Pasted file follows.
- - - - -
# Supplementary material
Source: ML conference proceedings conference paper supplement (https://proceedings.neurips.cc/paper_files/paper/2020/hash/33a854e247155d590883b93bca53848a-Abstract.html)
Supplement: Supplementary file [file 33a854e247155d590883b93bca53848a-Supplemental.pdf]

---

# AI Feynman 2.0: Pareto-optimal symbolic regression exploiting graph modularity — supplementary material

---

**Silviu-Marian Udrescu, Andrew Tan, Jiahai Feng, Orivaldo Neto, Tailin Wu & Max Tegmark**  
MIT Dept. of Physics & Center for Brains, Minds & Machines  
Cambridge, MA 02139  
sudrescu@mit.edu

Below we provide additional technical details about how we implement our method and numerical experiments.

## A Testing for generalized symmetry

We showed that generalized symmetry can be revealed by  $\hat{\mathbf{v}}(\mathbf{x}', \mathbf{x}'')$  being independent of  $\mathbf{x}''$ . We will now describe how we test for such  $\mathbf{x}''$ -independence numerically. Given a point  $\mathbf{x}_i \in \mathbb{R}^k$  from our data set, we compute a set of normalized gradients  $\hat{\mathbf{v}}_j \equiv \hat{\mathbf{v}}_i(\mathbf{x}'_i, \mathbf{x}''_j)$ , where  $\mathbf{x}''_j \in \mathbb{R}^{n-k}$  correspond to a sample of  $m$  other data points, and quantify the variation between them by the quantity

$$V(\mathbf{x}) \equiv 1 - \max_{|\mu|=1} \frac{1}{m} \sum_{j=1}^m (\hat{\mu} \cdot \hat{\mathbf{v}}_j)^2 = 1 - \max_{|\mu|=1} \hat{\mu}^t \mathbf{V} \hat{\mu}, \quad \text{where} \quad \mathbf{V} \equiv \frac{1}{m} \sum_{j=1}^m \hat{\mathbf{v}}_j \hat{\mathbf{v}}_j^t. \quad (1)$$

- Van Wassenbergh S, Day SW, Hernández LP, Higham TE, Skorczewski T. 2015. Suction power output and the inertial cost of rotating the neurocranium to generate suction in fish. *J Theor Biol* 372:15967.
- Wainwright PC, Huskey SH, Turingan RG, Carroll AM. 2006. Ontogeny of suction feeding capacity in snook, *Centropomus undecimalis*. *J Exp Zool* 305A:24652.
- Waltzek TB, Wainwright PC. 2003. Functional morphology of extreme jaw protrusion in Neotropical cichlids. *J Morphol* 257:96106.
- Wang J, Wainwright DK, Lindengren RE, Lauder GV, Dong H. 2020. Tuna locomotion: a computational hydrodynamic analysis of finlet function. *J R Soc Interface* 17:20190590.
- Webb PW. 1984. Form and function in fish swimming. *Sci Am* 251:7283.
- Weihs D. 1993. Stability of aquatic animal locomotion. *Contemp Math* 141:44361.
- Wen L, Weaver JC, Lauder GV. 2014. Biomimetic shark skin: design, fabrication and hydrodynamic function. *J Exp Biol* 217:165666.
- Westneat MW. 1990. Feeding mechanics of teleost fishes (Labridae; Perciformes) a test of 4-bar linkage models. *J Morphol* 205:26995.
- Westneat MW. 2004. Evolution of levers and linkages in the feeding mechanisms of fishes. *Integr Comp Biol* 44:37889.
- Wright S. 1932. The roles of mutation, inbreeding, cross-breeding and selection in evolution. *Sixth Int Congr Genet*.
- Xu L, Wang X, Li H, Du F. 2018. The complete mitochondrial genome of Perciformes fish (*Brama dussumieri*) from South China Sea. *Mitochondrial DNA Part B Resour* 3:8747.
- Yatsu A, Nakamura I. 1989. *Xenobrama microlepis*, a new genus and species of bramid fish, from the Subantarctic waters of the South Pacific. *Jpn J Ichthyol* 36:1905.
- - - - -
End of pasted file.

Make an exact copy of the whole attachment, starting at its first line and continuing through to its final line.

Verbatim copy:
# Supplementary material
Source: ML conference proceedings conference paper supplement (https://proceedings.neurips.cc/paper_files/paper/2020/hash/33a854e247155d590883b93bca53848a-Abstract.html)
Supplement: Supplementary file [file 33a854e247155d590883b93bca53848a-Supplemental.pdf]

---

# AI Feynman 2.0: Pareto-optimal symbolic regression exploiting graph modularity — supplementary material

---

**Silviu-Marian Udrescu, Andrew Tan, Jiahai Feng, Orivaldo Neto, Tailin Wu & Max Tegmark**  
MIT Dept. of Physics & Center for Brains, Minds & Machines  
Cambridge, MA 02139  
sudrescu@mit.edu

Below we provide additional technical details about how we implement our method and numerical experiments.

## A Testing for generalized symmetry

We showed that generalized symmetry can be revealed by  $\hat{\mathbf{v}}(\mathbf{x}', \mathbf{x}'')$  being independent of  $\mathbf{x}''$ . We will now describe how we test for such  $\mathbf{x}''$ -independence numerically. Given a point  $\mathbf{x}_i \in \mathbb{R}^k$  from our data set, we compute a set of normalized gradients  $\hat{\mathbf{v}}_j \equiv \hat{\mathbf{v}}_i(\mathbf{x}'_i, \mathbf{x}''_j)$ , where  $\mathbf{x}''_j \in \mathbb{R}^{n-k}$  correspond to a sample of  $m$  other data points, and quantify the variation between them by the quantity

$$V(\mathbf{x}) \equiv 1 - \max_{|\mu|=1} \frac{1}{m} \sum_{j=1}^m (\hat{\mu} \cdot \hat{\mathbf{v}}_j)^2 = 1 - \max_{|\mu|=1} \hat{\mu}^t \mathbf{V} \hat{\mu}, \quad \text{where} \quad \mathbf{V} \equiv \frac{1}{m} \sum_{j=1}^m \hat{\mathbf{v}}_j \hat{\mathbf{v}}_j^t. \quad (1)$$

- Van Wassenbergh S, Day SW, Hernández LP, Higham TE, Skorczewski T. 2015. Suction power output and the inertial cost of rotating the neurocranium to generate suction in fish. *J Theor Biol* 372:15967.
- Wainwright PC, Huskey SH, Turingan RG, Carroll AM. 2006. Ontogeny of suction feeding capacity in snook, *Centropomus undecimalis*. *J Exp Zool* 305A:24652.
- Waltzek TB, Wainwright PC. 2003. Functional morphology of extreme jaw protrusion in Neotropical cichlids. *J Morphol* 257:96106.
- Wang J, Wainwright DK, Lindengren RE, Lauder GV, Dong H. 2020. Tuna locomotion: a computational hydrodynamic analysis of finlet function. *J R Soc Interface* 17:20190590.
- Webb PW. 1984. Form and function in fish swimming. *Sci Am* 251:7283.
- Weihs D. 1993. Stability of aquatic animal locomotion. *Contemp Math* 141:44361.
- Wen L, Weaver JC, Lauder GV. 2014. Biomimetic shark skin: design, fabrication and hydrodynamic function. *J Exp Biol* 217:165666.
- Westneat MW. 1990. Feeding mechanics of teleost fishes (Labridae; Perciformes) a test of 4-bar linkage models. *J Morphol* 205:26995.
- Westneat MW. 2004. Evolution of levers and linkages in the feeding mechanisms of fishes. *Integr Comp Biol* 44:37889.
- Wright S. 1932. The roles of mutation, inbreeding, cross-breeding and selection in evolution. *Sixth Int Congr Genet*.
- Xu L, Wang X, Li H, Du F. 2018. The complete mitochondrial genome of Perciformes fish (*Brama dussumieri*) from South China Sea. *Mitochondrial DNA Part B Resour* 3:8747.
- Yatsu A, Nakamura I. 1989. *Xenobrama microlepis*, a new genus and species of bramid fish, from the Subantarctic waters of the South Pacific. *Jpn J Ichthyol* 36:1905.